This week Bureau of Land Management personnel conducted a prescribed fire in the Hualapai Mountains southeast of Kingman, Arizona in cooperation with the Arizona Game and Fish Department. The purpose of the project was to treat approximately 1,250 acres of dense chaparral brush to improve mule deer habitat, reduce the risk of dangerous wildfires, and improve forage for wildlife and livestock.
Firefighters at Lake Meredith National Recreation Area north of Amarillo, Texas (map) completed the 500-acre Mullinaw Crossing unit of a 4,500-acre prescribed fire project on February 21. So far 1,700 acres have been burned. The objectives are to decrease the amount of fuel that could burn in the event of a wildfire, thus minimizing the risk to surrounding communities, and to work toward the restoration of the mixed grass prairie that was native to the area before European settlement.
They had some help from their neighbors, including Chickasaw National Recreational Area, the Bureau of Land Management, and fire departments from Hutchinson County, Fritch, and Crutch.
All photos are provided by the National Park Service, including the one below that shows the area without a pesky fire in the foreground.
Julia Denning sent us this interesting photo of a February 28 prescribed fire on the Kisatchie National Forest near the Caroline Dormon Junior High School in Woodworth, Louisiana. I asked about the two signs in front of the school, wondering if there was also a U.S. Forest Service facility at that location. Ms. Denning explained:
There is no USFS facility at the school, but the land on which the school is built was donated by the Forest Service, hence the Smokey-style signs. The school itself was named in tribute to conservationist Caroline Dormon, who was instrumental in the designation of the Kisatchie National Forest in 1930.
In October she also sent us some excellent photos of a prescribed fire on the Rogue River-Siskiyou National Forest in Oregon. Thanks again, Julia.
(Updated at 4:35 p.m. PT, February 26, 2015)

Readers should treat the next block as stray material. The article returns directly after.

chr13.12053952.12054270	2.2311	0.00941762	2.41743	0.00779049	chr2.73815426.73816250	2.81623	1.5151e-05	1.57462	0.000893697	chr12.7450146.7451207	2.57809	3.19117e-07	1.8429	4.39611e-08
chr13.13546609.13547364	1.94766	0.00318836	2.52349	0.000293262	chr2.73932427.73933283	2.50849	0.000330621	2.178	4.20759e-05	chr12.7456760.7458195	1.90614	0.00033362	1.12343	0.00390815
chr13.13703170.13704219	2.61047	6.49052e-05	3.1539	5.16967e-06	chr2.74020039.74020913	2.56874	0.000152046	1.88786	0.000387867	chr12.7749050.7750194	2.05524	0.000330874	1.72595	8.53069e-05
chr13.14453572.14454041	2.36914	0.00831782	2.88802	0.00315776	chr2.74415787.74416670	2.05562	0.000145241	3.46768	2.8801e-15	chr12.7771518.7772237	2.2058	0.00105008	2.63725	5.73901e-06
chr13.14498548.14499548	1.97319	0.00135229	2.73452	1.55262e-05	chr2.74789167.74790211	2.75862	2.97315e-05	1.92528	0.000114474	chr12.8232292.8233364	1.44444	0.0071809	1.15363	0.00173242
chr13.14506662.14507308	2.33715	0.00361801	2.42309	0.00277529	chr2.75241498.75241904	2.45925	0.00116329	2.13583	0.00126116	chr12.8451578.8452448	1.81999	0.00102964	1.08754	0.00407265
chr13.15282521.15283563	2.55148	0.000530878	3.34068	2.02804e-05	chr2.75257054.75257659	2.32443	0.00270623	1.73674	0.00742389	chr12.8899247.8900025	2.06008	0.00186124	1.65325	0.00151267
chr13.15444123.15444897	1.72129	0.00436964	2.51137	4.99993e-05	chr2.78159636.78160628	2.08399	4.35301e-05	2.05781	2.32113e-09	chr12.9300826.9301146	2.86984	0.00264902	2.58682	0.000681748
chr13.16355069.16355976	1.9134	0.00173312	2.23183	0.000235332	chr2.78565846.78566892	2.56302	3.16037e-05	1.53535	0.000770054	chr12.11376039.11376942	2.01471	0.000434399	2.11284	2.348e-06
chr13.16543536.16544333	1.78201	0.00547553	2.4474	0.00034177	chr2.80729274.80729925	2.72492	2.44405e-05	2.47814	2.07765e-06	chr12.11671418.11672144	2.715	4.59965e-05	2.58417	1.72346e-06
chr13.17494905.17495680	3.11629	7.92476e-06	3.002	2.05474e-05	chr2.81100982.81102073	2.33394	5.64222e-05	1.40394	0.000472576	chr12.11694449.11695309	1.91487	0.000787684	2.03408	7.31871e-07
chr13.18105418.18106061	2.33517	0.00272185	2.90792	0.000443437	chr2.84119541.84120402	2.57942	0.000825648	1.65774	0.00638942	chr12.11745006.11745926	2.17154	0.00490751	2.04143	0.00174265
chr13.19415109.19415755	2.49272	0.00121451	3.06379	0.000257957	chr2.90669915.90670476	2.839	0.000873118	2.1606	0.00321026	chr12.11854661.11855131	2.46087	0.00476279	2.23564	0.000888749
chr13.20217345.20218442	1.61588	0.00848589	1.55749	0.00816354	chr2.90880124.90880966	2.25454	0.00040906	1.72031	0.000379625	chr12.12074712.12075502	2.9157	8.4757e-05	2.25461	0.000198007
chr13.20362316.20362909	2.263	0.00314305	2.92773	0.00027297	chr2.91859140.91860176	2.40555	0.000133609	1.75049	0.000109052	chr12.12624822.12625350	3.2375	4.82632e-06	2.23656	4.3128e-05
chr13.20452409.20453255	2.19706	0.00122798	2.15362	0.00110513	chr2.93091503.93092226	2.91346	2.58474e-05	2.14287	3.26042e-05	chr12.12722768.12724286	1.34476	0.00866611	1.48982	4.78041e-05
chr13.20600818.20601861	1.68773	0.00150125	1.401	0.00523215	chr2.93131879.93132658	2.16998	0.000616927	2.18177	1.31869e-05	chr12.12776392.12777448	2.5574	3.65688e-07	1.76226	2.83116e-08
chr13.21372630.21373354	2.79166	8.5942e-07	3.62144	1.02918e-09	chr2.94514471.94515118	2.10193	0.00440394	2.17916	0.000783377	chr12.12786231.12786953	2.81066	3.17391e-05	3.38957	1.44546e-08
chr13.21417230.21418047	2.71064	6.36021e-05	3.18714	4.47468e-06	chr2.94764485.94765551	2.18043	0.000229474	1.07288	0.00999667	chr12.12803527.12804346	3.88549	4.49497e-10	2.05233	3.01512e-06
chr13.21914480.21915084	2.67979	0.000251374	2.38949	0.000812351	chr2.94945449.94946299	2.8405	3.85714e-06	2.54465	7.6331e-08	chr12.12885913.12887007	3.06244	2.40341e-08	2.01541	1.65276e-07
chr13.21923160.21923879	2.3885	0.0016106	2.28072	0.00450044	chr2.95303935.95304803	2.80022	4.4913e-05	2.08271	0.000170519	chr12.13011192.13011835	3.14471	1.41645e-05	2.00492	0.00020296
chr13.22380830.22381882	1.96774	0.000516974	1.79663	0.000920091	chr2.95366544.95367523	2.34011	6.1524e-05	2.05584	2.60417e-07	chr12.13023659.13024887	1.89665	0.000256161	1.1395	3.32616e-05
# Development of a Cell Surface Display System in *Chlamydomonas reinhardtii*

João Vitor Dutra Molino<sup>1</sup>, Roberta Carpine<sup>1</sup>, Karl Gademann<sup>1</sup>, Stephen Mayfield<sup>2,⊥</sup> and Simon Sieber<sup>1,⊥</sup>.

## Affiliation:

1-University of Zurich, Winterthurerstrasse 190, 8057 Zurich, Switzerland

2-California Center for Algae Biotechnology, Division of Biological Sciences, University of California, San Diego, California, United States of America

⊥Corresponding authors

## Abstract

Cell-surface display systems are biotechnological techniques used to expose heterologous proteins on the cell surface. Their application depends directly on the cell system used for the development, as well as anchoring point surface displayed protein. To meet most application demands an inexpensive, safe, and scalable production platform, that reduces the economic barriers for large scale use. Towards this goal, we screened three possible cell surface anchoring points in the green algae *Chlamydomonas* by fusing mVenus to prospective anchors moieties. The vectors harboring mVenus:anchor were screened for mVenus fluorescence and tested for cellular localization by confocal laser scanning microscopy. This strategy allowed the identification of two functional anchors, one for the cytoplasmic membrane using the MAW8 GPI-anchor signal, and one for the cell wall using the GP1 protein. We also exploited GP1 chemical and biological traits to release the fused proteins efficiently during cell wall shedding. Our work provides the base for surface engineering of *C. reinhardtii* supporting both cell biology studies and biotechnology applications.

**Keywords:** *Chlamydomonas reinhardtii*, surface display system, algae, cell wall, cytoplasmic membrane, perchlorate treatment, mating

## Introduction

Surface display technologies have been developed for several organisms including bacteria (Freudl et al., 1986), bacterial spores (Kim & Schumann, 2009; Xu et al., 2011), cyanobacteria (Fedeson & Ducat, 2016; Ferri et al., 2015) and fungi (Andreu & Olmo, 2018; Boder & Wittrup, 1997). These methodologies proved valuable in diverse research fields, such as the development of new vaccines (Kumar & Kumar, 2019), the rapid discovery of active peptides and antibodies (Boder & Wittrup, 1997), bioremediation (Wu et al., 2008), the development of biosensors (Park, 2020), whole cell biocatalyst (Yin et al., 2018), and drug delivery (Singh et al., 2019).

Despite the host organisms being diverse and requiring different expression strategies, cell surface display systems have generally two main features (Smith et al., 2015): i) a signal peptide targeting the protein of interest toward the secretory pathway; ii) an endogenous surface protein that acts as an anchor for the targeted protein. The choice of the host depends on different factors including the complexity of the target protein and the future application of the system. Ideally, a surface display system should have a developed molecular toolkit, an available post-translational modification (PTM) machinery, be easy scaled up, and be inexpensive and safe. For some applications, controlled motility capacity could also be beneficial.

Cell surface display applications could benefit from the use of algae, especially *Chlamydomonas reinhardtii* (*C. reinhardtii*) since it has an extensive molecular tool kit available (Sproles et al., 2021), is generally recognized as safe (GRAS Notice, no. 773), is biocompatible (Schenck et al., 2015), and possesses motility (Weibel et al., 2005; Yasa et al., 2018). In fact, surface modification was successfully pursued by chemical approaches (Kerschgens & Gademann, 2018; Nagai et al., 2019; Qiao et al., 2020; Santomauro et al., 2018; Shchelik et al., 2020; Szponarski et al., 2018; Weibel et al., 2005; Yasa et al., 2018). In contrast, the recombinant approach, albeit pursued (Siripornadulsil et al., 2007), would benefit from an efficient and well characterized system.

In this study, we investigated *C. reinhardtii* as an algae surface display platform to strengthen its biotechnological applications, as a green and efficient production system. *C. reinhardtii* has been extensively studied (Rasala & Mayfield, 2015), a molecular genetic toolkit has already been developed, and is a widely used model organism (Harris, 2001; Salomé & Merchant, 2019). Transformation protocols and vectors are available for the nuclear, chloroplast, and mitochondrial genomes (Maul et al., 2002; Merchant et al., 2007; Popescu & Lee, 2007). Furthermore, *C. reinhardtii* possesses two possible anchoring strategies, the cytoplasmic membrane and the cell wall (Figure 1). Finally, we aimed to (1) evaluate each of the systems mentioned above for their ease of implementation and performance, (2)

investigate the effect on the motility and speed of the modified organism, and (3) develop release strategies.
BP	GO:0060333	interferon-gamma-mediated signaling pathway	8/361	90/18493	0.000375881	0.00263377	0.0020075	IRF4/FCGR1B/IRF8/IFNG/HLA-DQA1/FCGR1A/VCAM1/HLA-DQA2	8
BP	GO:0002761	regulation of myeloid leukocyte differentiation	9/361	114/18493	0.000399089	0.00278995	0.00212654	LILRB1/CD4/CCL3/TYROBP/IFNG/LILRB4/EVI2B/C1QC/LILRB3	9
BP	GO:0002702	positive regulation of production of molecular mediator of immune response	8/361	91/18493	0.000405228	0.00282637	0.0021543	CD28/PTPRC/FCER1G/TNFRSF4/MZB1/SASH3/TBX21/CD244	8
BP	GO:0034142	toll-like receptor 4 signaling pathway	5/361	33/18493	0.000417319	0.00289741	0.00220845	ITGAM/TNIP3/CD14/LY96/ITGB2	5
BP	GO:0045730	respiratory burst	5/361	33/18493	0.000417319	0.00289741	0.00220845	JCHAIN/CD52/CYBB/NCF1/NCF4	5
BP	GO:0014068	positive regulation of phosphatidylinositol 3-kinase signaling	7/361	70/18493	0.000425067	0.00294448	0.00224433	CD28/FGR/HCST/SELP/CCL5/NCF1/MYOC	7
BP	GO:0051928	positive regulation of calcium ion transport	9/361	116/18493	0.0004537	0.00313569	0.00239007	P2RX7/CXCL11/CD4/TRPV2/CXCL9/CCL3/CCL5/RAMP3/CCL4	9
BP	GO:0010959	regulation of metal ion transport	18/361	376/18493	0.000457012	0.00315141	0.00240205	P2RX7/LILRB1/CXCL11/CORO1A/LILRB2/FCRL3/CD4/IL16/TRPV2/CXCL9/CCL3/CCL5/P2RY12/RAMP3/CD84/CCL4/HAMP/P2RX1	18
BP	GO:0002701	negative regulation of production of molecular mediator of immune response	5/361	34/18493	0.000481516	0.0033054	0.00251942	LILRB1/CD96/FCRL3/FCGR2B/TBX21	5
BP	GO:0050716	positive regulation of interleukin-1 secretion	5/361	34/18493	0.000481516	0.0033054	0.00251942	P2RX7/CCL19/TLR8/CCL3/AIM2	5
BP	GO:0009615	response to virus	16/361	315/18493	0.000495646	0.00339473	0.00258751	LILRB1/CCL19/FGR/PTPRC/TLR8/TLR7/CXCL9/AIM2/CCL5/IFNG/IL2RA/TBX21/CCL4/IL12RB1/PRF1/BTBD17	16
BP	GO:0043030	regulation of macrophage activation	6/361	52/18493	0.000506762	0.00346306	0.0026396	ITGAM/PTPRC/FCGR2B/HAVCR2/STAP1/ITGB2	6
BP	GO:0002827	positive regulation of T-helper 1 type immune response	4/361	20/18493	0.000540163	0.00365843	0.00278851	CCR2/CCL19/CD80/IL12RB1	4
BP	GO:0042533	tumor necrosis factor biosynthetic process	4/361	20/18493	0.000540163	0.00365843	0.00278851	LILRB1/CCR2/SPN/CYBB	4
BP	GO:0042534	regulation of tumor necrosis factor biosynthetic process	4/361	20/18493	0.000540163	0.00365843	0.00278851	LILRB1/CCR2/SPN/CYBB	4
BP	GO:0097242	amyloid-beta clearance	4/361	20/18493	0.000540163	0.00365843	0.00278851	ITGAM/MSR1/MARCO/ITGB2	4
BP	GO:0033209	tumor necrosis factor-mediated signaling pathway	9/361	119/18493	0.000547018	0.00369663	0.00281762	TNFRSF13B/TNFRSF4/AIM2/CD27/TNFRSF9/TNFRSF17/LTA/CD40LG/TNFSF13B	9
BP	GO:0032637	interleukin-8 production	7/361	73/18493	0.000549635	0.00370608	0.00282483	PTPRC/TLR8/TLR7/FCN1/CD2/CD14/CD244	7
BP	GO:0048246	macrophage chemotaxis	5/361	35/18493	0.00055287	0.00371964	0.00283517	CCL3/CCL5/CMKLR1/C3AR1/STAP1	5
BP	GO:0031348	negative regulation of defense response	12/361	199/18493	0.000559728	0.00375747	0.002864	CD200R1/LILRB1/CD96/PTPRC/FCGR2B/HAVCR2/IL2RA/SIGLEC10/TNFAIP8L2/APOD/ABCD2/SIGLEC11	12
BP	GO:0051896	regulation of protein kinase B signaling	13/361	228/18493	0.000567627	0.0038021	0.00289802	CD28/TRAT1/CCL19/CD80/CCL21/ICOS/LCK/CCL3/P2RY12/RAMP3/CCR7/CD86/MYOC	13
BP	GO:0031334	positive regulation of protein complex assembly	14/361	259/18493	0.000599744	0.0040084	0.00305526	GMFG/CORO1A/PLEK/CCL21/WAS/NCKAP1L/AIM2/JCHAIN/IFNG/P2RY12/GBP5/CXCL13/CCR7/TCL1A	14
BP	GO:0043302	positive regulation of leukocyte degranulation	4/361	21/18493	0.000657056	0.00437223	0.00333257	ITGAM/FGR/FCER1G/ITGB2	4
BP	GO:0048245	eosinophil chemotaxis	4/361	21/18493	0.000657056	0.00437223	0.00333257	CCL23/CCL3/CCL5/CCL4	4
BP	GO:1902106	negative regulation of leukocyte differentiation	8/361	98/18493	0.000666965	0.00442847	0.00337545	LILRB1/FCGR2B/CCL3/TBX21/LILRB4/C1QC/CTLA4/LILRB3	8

The U.S. Forest Service Wednesday night on Twitter said the Stephens Fire had grown by 50 acres, to 250 acres. The fire is 17 miles east of Weed, California. The Incident Commander has estimated that the 100 personnel on scene will have a fireline around it, meaning the fire is contained, by February 28, which is a revision from Wednesday’s estimate of March 2.
(Originally published at 3:41 p.m. PT, February 25, 2015)
The Stephens Fire has burned about 200 acres in northern California, 17 miles east of Weed. It spread onto the Shasta-Trinity National Forest after escaping from a prescribed fire in Siskiyou County on private land.
According to the USFS Wednesday afternoon:
While the burned area has expanded outside the original planned prescribed area, positive effects to natural resources are being met and suppression forces are in place to limit additional spread.
Tuesday night strong winds were driving the fire, producing short-range spotting. On Wednesday the fire activity is expected to be moderate, according to the USFS, with possible spread south toward Stephens Pass Road and north toward FS Road 43N04.
The Incident Commander estimates the 100 personnel on scene will have a fireline around it by March 2.
Further to the south, on Thursday the National Park Service is planning to burn 60 acres of a 533-acre burn unit in the Wawona area of Yosemite National Park near the South Entrance.
Bob Eisele sent us these two time-lapse videos of a February 4, 2015 prescribed fire in Cuyamaca Rancho State Park in San Diego County. He told us on Friday:
The area was abut 100 acres of hand cut brush (ceanothus palmeri) with logs and snags left from the 2003 Cedar Fire. The entire mountain burned in 2003 leaving no seed trees to restart the mixed conifer forest. Total ignition time was about four hours. The burn was conducted by the California State Parks in cooperation with CAL FIRE.
The area was planted this week with native conifers.
The video above is a time-lapse of a prescribed fire on Middle Peak in San Diego County, as seen from Cuyamaca Peak in Cuyamaca Rancho State Park, February 4, 2015. Credit for the video goes to California State Parks employees.
The video below was shot by a camera on Mt. Laguna, which automatically replaces the image of the sun with a black dot. The camera is provided by the University of San Diego HPWREN.